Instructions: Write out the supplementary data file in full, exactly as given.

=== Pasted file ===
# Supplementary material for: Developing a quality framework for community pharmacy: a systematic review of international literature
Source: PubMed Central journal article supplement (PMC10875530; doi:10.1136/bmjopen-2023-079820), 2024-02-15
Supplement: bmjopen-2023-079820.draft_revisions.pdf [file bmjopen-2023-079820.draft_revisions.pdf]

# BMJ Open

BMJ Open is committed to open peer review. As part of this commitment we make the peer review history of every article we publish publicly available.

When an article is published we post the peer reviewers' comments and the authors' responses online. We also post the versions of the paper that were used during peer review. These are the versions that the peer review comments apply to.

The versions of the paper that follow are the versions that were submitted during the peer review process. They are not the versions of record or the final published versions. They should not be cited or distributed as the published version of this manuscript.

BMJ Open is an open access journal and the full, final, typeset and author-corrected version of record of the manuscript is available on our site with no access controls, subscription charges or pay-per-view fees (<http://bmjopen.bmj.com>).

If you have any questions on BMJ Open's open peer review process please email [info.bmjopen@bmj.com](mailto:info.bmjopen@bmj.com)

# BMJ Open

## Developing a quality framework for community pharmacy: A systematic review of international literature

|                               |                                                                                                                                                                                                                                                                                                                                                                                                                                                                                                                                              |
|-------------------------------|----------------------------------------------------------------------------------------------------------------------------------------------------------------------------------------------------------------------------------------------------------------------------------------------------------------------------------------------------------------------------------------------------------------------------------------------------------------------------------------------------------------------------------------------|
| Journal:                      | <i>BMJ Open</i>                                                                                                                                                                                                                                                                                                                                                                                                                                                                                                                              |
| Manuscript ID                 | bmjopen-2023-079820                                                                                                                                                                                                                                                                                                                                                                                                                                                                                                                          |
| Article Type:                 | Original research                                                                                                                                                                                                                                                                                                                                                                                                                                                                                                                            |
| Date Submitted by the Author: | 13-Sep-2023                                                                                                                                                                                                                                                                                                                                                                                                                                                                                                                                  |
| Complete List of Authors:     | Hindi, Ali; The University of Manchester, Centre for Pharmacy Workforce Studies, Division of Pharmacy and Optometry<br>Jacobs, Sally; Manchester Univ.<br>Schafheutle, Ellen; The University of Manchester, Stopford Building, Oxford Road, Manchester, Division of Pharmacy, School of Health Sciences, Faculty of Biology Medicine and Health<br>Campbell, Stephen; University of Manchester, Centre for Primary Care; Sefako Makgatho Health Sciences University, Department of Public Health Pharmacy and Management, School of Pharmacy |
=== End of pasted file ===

# Supplementary material for: Developing a quality framework for community pharmacy: a systematic review of international literature
Source: PubMed Central journal article supplement (PMC10875530; doi:10.1136/bmjopen-2023-079820), 2024-02-15
Supplement: bmjopen-2023-079820.draft_revisions.pdf [file bmjopen-2023-079820.draft_revisions.pdf]

# BMJ Open

BMJ Open is committed to open peer review. As part of this commitment we make the peer review history of every article we publish publicly available.

When an article is published we post the peer reviewers' comments and the authors' responses online. We also post the versions of the paper that were used during peer review. These are the versions that the peer review comments apply to.

The versions of the paper that follow are the versions that were submitted during the peer review process. They are not the versions of record or the final published versions. They should not be cited or distributed as the published version of this manuscript.

BMJ Open is an open access journal and the full, final, typeset and author-corrected version of record of the manuscript is available on our site with no access controls, subscription charges or pay-per-view fees (<http://bmjopen.bmj.com>).

If you have any questions on BMJ Open's open peer review process please email [info.bmjopen@bmj.com](mailto:info.bmjopen@bmj.com)

# BMJ Open

## Developing a quality framework for community pharmacy: A systematic review of international literature

|                               |                                                                                                                                                                                                                                                                                                                                                                                                                                                                                                                                              |
|-------------------------------|----------------------------------------------------------------------------------------------------------------------------------------------------------------------------------------------------------------------------------------------------------------------------------------------------------------------------------------------------------------------------------------------------------------------------------------------------------------------------------------------------------------------------------------------|
| Journal:                      | <i>BMJ Open</i>                                                                                                                                                                                                                                                                                                                                                                                                                                                                                                                              |
| Manuscript ID                 | bmjopen-2023-079820                                                                                                                                                                                                                                                                                                                                                                                                                                                                                                                          |
| Article Type:                 | Original research                                                                                                                                                                                                                                                                                                                                                                                                                                                                                                                            |
| Date Submitted by the Author: | 13-Sep-2023                                                                                                                                                                                                                                                                                                                                                                                                                                                                                                                                  |
| Complete List of Authors:     | Hindi, Ali; The University of Manchester, Centre for Pharmacy Workforce Studies, Division of Pharmacy and Optometry<br>Jacobs, Sally; Manchester Univ.<br>Schafheutle, Ellen; The University of Manchester, Stopford Building, Oxford Road, Manchester, Division of Pharmacy, School of Health Sciences, Faculty of Biology Medicine and Health<br>Campbell, Stephen; University of Manchester, Centre for Primary Care; Sefako Makgatho Health Sciences University, Department of Public Health Pharmacy and Management, School of Pharmacy |